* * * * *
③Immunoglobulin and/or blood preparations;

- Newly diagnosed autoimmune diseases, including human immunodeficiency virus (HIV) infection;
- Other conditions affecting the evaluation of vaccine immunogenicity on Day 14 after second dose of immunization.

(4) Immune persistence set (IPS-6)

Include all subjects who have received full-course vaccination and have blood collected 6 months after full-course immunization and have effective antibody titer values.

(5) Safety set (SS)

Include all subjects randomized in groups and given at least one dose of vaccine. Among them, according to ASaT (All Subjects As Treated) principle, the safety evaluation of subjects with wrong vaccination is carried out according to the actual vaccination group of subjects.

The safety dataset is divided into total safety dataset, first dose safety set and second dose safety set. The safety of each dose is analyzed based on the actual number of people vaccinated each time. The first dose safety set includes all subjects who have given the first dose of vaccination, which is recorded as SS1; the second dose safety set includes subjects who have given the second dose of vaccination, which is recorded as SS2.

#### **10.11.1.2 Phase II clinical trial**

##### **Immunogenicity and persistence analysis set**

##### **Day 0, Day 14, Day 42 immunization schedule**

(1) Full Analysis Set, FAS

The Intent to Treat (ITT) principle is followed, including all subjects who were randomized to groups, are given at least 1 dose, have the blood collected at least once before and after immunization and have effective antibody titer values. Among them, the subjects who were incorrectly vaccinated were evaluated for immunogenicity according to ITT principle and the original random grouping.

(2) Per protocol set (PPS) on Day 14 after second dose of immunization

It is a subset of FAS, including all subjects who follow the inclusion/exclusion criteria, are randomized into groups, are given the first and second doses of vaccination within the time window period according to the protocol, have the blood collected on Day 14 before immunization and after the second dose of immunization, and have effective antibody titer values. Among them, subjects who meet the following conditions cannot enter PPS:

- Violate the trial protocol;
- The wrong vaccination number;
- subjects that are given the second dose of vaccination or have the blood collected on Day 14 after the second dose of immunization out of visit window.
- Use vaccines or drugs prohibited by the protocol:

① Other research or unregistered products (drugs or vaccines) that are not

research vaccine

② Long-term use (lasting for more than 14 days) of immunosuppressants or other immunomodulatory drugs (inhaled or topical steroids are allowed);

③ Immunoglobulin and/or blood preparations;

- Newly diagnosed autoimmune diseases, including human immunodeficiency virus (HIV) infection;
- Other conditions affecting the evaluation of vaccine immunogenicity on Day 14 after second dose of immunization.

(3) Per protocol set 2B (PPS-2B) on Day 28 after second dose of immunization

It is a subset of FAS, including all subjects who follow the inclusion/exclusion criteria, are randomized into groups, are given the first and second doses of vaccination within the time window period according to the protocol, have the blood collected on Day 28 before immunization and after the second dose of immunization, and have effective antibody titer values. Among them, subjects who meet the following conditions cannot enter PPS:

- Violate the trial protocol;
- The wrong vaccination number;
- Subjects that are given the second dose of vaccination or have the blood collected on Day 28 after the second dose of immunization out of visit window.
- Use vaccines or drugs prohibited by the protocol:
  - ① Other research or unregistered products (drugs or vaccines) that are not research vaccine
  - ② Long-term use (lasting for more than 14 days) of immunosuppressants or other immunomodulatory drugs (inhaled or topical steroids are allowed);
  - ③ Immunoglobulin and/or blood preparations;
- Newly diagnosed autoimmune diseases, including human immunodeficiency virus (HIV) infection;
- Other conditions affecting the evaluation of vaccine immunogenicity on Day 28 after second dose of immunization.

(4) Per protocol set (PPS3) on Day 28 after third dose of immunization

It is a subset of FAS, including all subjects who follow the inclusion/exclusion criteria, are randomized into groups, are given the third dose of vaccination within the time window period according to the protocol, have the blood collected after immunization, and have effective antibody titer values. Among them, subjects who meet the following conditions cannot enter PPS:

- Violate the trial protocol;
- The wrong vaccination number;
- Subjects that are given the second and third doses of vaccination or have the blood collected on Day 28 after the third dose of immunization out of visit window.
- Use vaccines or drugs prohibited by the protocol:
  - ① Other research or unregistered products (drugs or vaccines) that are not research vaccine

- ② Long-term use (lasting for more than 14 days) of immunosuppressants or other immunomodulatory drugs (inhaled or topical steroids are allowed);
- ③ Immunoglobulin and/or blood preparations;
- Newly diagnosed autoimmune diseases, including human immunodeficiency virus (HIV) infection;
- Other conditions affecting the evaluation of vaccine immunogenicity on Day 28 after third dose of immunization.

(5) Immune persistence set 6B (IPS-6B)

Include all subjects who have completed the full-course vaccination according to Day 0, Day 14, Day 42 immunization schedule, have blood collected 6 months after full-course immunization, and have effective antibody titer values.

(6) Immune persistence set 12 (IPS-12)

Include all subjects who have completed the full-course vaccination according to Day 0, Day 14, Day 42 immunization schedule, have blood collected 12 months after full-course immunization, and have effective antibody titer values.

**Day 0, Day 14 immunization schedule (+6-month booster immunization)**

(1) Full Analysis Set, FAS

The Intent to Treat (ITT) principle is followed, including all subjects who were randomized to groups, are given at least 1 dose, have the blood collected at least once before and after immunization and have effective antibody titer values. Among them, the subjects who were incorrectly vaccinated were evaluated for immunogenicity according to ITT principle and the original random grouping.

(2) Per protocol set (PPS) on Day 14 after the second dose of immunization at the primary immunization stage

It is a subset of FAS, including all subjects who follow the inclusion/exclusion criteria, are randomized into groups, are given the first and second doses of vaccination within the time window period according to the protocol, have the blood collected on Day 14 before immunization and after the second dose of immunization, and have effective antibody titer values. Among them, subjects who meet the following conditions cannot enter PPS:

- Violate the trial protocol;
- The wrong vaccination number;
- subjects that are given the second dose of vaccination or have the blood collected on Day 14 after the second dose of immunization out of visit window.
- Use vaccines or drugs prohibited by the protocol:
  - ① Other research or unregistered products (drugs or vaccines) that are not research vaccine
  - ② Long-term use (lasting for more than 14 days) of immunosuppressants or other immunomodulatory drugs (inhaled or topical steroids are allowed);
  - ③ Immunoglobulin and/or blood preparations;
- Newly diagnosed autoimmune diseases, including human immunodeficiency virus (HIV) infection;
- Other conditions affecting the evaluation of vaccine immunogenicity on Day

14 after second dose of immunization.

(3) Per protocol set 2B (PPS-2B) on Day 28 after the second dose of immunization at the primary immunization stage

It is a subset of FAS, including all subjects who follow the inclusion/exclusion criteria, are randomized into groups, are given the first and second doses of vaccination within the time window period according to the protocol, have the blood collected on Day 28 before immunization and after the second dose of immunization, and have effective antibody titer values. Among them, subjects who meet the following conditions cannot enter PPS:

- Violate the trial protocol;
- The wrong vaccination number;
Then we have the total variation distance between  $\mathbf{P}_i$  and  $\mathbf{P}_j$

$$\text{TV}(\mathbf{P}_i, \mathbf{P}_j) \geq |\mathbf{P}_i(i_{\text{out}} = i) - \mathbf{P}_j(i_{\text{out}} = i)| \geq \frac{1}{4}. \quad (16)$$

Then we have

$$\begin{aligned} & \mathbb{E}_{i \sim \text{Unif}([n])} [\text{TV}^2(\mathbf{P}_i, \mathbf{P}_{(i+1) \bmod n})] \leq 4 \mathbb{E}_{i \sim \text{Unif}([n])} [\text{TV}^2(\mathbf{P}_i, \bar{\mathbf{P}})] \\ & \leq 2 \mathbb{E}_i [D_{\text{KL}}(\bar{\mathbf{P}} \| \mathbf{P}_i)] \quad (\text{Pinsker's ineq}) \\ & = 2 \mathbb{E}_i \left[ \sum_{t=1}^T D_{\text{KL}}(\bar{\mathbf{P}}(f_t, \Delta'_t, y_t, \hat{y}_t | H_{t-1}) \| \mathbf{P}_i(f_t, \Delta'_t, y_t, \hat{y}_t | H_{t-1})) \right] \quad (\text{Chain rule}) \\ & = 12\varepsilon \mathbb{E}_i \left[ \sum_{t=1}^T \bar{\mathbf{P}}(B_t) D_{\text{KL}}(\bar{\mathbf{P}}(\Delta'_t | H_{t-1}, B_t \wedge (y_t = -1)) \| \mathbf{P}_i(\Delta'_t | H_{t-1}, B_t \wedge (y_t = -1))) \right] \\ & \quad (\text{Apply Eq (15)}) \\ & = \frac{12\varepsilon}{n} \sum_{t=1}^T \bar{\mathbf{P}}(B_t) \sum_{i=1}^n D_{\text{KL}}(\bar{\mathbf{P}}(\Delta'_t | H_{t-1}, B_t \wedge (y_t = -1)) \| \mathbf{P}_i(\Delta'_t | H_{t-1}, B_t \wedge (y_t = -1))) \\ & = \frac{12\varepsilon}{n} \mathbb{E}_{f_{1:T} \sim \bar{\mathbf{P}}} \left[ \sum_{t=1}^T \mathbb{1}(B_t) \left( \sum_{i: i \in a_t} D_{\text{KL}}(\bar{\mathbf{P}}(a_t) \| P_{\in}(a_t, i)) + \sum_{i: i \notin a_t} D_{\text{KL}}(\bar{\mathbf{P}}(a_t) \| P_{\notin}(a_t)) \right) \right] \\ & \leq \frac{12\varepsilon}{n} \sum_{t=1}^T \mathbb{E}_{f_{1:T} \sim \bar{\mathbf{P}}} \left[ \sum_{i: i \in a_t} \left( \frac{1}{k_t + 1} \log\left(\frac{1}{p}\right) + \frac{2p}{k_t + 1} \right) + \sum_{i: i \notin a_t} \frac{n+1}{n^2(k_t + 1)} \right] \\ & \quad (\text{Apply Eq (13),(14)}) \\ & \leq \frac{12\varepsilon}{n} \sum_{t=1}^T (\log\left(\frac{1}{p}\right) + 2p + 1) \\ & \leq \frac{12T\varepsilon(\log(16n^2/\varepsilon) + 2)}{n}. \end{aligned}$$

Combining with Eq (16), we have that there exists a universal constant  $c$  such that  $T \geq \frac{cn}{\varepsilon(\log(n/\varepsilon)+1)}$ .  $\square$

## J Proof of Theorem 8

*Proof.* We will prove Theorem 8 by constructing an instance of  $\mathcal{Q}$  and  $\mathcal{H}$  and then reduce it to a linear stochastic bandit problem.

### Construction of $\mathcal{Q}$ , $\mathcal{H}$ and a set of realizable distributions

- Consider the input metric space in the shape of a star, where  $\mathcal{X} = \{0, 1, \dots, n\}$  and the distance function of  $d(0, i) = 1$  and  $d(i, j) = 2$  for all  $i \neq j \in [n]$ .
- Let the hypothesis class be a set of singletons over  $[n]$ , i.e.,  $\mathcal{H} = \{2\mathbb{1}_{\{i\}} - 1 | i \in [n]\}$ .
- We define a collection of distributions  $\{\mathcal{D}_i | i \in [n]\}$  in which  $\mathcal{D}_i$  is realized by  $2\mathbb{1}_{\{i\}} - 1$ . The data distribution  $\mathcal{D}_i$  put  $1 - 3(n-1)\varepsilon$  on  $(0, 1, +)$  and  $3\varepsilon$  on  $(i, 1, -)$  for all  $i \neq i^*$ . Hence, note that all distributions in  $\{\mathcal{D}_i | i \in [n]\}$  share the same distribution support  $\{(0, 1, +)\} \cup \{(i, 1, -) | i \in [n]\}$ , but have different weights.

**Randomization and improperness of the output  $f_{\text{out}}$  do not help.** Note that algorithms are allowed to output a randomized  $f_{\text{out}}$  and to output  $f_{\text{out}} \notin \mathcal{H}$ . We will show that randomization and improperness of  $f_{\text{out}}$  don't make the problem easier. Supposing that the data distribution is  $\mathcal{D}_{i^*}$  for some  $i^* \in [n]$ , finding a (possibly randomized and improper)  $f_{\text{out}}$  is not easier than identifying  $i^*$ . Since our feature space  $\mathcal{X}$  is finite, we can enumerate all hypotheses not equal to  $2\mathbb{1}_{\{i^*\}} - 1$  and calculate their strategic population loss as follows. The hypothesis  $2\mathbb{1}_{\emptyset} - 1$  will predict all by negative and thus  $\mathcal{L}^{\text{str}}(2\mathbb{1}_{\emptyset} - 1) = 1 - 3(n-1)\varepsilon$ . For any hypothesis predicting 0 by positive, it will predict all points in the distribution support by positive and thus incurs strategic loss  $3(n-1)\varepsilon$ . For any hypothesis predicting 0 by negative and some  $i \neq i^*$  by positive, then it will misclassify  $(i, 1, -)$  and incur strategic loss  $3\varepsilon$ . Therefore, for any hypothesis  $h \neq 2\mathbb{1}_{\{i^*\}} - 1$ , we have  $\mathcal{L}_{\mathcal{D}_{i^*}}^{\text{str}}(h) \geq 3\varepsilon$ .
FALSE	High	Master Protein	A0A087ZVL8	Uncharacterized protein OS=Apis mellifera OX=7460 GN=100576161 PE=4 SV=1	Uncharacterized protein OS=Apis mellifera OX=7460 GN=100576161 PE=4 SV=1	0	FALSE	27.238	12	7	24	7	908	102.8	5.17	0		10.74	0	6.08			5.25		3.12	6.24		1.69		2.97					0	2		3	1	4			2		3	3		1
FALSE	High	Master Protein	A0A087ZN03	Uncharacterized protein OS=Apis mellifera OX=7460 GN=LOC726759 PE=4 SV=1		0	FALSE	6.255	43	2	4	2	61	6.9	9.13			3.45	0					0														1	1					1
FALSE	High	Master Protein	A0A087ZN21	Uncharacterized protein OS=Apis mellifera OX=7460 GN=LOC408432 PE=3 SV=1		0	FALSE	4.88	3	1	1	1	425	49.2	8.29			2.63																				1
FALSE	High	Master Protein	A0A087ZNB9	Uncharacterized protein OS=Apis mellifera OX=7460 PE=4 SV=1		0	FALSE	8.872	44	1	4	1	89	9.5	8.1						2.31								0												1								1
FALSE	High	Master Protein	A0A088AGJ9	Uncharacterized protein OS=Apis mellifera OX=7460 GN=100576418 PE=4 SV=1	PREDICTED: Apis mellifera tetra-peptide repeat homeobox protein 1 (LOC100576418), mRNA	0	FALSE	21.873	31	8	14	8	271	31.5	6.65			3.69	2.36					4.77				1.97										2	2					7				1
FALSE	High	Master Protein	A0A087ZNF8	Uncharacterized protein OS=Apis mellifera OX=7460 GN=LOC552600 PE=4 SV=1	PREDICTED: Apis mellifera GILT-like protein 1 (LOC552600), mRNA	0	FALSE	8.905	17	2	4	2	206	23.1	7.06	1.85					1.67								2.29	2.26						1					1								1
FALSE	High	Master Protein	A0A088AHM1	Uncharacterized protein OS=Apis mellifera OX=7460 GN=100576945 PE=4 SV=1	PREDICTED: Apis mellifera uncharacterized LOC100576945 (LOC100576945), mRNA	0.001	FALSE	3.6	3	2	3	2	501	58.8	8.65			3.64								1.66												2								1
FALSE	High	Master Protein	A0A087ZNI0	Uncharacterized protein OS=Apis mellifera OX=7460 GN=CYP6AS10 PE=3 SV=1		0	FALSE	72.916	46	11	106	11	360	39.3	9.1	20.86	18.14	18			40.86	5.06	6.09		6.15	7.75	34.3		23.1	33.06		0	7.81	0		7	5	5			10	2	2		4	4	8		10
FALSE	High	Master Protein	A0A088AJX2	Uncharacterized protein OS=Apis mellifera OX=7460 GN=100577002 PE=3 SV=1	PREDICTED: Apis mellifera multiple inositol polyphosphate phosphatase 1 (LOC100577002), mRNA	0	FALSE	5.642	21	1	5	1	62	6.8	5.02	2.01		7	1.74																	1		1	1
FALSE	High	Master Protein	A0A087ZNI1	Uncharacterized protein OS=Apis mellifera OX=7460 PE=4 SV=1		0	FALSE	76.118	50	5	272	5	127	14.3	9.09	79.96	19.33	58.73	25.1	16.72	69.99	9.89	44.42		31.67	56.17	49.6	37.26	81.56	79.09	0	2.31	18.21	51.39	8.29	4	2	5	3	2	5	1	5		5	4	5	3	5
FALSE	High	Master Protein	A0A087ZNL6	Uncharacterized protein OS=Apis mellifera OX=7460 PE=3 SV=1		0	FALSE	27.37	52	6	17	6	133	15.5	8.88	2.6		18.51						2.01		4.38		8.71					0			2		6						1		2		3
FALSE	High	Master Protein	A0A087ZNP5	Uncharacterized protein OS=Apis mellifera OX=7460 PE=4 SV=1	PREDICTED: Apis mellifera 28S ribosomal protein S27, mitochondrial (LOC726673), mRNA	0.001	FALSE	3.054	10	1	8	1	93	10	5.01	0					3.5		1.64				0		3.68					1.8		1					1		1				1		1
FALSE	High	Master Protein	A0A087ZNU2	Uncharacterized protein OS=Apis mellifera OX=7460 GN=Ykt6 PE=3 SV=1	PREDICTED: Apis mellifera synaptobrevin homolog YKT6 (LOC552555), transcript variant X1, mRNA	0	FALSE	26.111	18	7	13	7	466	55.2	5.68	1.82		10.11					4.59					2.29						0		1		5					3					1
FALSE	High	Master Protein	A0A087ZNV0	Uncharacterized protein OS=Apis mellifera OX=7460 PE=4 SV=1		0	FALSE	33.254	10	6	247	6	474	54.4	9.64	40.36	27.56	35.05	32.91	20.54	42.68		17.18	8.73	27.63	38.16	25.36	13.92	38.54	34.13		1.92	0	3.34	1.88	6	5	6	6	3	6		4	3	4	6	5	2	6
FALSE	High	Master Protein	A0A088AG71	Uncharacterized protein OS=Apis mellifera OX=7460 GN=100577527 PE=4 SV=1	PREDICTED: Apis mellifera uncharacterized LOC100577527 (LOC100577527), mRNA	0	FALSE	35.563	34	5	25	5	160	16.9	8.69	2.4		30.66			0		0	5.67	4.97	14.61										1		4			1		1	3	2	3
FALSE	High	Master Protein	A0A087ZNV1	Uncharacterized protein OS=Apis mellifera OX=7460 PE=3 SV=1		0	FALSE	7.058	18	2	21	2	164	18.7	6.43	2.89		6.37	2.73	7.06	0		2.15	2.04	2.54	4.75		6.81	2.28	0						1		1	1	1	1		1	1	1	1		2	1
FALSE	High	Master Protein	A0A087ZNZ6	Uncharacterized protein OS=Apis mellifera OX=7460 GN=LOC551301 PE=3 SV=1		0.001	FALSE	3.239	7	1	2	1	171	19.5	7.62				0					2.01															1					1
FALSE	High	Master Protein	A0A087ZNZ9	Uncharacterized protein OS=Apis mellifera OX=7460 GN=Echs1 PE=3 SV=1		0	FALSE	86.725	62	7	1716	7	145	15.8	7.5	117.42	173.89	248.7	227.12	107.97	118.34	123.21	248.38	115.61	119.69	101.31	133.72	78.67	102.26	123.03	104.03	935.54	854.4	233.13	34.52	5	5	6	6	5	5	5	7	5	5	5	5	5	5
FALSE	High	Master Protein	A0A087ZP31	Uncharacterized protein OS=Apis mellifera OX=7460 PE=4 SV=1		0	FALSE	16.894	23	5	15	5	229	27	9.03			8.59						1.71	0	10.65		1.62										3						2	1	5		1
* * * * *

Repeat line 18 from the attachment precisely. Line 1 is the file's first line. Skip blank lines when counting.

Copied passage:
- subjects that are given the second dose of vaccination or have the blood collected on Day 14 after the second dose of immunization out of visit window.